• Phil Miller

    Ideally, having that type of commitment to a local body can be great, but I think it’s getting harder and harder to find that sort of stability. American society in general is much more mobile than it used to be. It’s getting much more rare for people to live in the same community for there whole life. I also think that if there is a church where there’s a larger percentage of “lifers” in it, it can be very difficult for new people to feel like they can actually become part of the church.

    As far as outgrowing the church, I think a lot of it has to do with many churches perpetual adolescent focus. Personally, I feel like many churches are stuck with a perpetual “youth group” type of theology. And actually, if you listen to sermons given in a youth group environment and on a Sunday Morning, the theological depth really isn’t that much different.

  • BathtubHahn

    I don’t disagree, Adam, and I wouldn’t recommend someone stay for the sake of faithfulness in an abusive situations. But I didn’t entirely read the above article that way.

  • metanoia

    Interestingly in my 30+ of ministry practice, I heard an increasing number of people use that same excuse when they wanted out of their marriage. It is possible to outgrow a relationship, a church, a career, etc. But I wonder how much of a contribution is made by these individuals to the continued growth of the marriages, churches, careers, etc. Currently I am no longer in pastoral ministry. In a sense, I’ve “outgrown” what the church can do for me, but I find tremendous pleasure in contributing my skills, talents, and treasure to help the church we are attending to grow.

  • Rob

    Good point, Adam. I would add that one might move on if he finds a more fervent, willing individual(s) elsewhere. If the people that one is with aren’t interested in the kind of relationship that Scripture asks us to cultivate, why not go with those who are? So not just abuse, but if others are lukewarm about relationship.

  • Adam

    Personally, I consider the “lukewarm” as a kind of abuse. Technically it’s betrayal through disengagement.

    I see commitment and abuse as two extremes of the same continuum with every variation in between. For the sake of conversation, where in the continuum is the point where we change from “sticking with it” for commitment to “moving on”.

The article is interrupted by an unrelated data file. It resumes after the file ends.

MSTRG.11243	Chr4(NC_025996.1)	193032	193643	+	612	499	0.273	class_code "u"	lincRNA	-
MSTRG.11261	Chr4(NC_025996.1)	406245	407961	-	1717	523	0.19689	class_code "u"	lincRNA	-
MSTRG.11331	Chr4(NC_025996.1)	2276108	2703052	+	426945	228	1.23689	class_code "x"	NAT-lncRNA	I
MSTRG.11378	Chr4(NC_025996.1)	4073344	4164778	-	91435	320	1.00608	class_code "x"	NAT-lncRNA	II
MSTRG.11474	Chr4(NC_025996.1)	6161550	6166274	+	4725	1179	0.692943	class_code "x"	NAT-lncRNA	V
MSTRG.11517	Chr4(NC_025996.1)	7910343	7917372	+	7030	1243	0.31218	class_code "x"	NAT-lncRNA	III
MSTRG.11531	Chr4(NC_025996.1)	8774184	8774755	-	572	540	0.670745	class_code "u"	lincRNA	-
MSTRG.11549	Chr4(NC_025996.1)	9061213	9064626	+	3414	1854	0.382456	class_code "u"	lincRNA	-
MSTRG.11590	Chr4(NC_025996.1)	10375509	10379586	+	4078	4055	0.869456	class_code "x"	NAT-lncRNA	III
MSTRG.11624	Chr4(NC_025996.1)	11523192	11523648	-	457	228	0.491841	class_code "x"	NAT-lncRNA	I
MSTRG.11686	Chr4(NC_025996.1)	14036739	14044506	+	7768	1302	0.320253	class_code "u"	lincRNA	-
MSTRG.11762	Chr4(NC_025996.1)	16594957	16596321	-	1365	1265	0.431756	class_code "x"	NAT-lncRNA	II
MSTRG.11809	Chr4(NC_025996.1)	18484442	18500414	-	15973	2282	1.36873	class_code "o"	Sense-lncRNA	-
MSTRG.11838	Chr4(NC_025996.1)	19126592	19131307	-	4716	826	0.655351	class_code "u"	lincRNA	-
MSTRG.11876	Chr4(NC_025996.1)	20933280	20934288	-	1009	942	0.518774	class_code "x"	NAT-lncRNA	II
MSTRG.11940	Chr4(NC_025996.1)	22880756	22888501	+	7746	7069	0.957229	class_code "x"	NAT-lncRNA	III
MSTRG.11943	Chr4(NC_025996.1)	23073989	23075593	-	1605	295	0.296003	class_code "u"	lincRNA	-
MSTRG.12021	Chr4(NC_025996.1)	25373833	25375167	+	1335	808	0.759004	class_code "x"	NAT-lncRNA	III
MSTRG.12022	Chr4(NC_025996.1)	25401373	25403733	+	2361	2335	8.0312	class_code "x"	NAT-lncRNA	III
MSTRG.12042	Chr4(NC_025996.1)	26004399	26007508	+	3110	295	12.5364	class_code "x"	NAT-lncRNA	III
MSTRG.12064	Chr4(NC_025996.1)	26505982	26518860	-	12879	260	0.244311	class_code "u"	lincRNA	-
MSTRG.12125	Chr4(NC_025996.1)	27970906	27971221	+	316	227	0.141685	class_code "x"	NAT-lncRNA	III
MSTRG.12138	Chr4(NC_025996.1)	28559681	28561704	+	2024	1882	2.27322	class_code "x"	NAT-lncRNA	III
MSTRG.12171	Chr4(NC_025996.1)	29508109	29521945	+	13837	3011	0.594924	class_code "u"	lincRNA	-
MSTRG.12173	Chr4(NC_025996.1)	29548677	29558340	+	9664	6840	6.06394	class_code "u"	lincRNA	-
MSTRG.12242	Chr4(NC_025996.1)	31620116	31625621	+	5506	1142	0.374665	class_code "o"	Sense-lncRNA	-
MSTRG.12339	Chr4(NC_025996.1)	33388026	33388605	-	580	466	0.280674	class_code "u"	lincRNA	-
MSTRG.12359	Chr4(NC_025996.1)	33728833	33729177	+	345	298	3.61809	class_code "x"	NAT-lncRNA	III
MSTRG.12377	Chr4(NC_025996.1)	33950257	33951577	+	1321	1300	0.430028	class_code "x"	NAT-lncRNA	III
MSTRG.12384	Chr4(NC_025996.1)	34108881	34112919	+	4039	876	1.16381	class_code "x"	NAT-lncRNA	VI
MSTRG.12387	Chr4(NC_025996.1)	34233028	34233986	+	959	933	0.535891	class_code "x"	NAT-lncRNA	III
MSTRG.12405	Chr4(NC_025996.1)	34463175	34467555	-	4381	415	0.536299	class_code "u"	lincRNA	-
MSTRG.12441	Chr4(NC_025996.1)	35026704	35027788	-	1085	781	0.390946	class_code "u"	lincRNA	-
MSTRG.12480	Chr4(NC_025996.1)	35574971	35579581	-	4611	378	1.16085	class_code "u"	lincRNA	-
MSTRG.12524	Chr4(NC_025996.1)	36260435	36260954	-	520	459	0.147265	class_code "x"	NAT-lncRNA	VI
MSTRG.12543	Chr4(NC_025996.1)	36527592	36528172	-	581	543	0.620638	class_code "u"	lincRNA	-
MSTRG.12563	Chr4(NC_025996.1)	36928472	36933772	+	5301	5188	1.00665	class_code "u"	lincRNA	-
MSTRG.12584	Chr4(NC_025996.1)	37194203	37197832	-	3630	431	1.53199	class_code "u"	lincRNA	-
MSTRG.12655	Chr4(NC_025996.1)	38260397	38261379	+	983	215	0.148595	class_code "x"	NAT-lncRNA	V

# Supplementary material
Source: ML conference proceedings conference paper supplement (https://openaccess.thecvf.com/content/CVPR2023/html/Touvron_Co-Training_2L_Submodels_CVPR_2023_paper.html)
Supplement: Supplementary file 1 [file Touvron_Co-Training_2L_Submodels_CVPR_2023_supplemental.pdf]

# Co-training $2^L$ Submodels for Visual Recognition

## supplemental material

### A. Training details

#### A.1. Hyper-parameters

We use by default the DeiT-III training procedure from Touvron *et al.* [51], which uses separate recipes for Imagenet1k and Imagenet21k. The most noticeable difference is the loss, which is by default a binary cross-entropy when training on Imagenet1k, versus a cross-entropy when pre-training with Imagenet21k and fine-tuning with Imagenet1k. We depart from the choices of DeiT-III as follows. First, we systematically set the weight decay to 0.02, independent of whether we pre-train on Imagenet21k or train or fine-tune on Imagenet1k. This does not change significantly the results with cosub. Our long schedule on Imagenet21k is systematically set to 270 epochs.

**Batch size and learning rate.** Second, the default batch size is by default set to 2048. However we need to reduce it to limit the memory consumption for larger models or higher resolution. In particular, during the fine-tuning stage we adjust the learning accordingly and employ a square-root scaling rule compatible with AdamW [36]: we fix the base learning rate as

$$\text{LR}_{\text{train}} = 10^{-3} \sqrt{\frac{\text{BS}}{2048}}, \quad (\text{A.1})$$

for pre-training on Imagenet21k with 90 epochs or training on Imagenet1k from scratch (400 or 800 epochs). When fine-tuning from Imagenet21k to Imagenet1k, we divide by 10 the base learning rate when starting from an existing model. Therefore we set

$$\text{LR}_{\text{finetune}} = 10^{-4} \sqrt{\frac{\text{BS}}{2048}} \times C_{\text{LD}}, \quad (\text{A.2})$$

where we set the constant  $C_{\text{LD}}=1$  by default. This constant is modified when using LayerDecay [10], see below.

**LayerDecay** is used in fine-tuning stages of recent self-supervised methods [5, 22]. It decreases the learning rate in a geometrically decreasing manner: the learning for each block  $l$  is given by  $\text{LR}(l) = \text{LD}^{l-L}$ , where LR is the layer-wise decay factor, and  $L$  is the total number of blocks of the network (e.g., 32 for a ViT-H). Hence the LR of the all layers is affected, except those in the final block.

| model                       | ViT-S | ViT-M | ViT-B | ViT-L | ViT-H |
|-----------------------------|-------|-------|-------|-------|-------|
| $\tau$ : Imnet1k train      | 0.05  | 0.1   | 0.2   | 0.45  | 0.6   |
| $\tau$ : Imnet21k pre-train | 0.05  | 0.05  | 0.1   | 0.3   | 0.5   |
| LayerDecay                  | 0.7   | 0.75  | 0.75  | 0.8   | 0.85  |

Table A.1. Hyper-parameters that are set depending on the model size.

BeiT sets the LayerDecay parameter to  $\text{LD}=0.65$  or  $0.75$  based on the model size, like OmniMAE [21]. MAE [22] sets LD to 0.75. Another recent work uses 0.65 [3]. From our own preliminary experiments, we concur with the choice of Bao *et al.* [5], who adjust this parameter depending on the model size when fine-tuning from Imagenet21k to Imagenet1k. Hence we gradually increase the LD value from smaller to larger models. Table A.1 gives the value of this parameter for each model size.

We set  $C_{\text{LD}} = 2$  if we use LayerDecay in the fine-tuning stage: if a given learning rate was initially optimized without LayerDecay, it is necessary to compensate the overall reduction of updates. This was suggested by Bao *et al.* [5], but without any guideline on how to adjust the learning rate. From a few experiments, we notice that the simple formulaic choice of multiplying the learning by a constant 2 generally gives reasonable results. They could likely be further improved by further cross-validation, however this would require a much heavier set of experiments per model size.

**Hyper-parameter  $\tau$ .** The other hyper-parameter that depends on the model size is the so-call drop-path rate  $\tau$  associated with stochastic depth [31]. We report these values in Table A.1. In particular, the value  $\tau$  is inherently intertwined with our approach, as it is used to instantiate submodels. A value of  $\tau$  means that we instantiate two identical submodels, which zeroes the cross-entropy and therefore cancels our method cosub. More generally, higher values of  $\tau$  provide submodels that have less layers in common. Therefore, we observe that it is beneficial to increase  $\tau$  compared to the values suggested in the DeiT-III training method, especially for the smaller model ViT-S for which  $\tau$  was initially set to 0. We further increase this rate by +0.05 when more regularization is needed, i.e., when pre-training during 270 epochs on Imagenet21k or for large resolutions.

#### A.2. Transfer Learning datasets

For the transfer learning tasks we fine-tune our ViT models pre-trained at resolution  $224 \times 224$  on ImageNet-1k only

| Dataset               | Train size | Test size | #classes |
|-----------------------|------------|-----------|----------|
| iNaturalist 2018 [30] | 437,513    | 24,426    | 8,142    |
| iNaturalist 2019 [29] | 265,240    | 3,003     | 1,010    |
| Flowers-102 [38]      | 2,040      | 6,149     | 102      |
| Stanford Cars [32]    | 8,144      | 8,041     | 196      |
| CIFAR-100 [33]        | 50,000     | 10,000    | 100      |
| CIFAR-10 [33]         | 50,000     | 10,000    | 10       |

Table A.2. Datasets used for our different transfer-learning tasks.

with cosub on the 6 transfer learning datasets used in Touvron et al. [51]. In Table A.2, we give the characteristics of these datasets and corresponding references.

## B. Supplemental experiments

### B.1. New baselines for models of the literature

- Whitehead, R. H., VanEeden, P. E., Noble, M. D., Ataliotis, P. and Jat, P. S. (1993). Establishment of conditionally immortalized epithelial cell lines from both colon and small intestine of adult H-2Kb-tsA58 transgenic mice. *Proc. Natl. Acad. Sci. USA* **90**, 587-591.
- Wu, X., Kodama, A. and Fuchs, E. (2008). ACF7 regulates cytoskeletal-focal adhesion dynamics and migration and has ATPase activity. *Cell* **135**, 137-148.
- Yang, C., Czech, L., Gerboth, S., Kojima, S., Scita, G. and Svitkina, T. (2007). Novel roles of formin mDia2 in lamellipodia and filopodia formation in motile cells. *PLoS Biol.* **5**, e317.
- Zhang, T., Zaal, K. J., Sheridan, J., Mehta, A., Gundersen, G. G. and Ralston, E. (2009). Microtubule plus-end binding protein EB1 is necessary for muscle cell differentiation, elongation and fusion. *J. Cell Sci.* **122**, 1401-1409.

• Rob

    Metanoia, the marriage analogy would only apply if, indeed, a commitment to relationship had actually been made. Most people that I meet in church have no commitment, for instance to confessing sins to each other, or encouraging *daily*. It’s more like encouraging weekly (or whenever, or never!). The close knitted quality of the early house churches seems absent, and the following of various classes or programs is emphasized more than actual relationship…..just thoughts that I am considering, feel free to lambaste and critique!

  • Pat68

    Thank you, Adam. I’m not one for leaving at the first sign of trouble, but sometimes you have to weigh out if your own soul is being damaged in the process and whether or not God is calling you to stay or to go. We sometimes quickly criticize those for leaving without ever considering that God may be calling them away from a fellowship. To leave A church, is not to leave THE Church, but sometimes it feels as though people get those two mixed up. And sometimes, I think some people have an unhealthy attachment to their church that is more about them than their relationship with Christ. Whether to stay or to go really requires soul-searching. Something I’ve counseled people to do in the past and something I’ve done myself to make sure I was clear about my reasoning,

  • metanoia

    I was just sharing my observation that “outgrowing” is a symptom that is often treated as the disease. Why do people feel they have outgrown their churches, marriages, careers, etc.? My guess is that they have unrealistic expectations, or powerlessness to effect change. A number of excellent scenarios have been proffered in the thread already. If a church attendee feels relational disconnect, a perpetual propagation of youth ministry, irrelevant ministry programming etc., there is a reason why this has been allowed to continue. But haven’t we all been called to be catalysts for positive change? My particular personality gravitates toward doing something about what I perceive to be a weakness in relationships, work, or church. The old adage, “Better to light a candle than to curse the darkness” motivates me.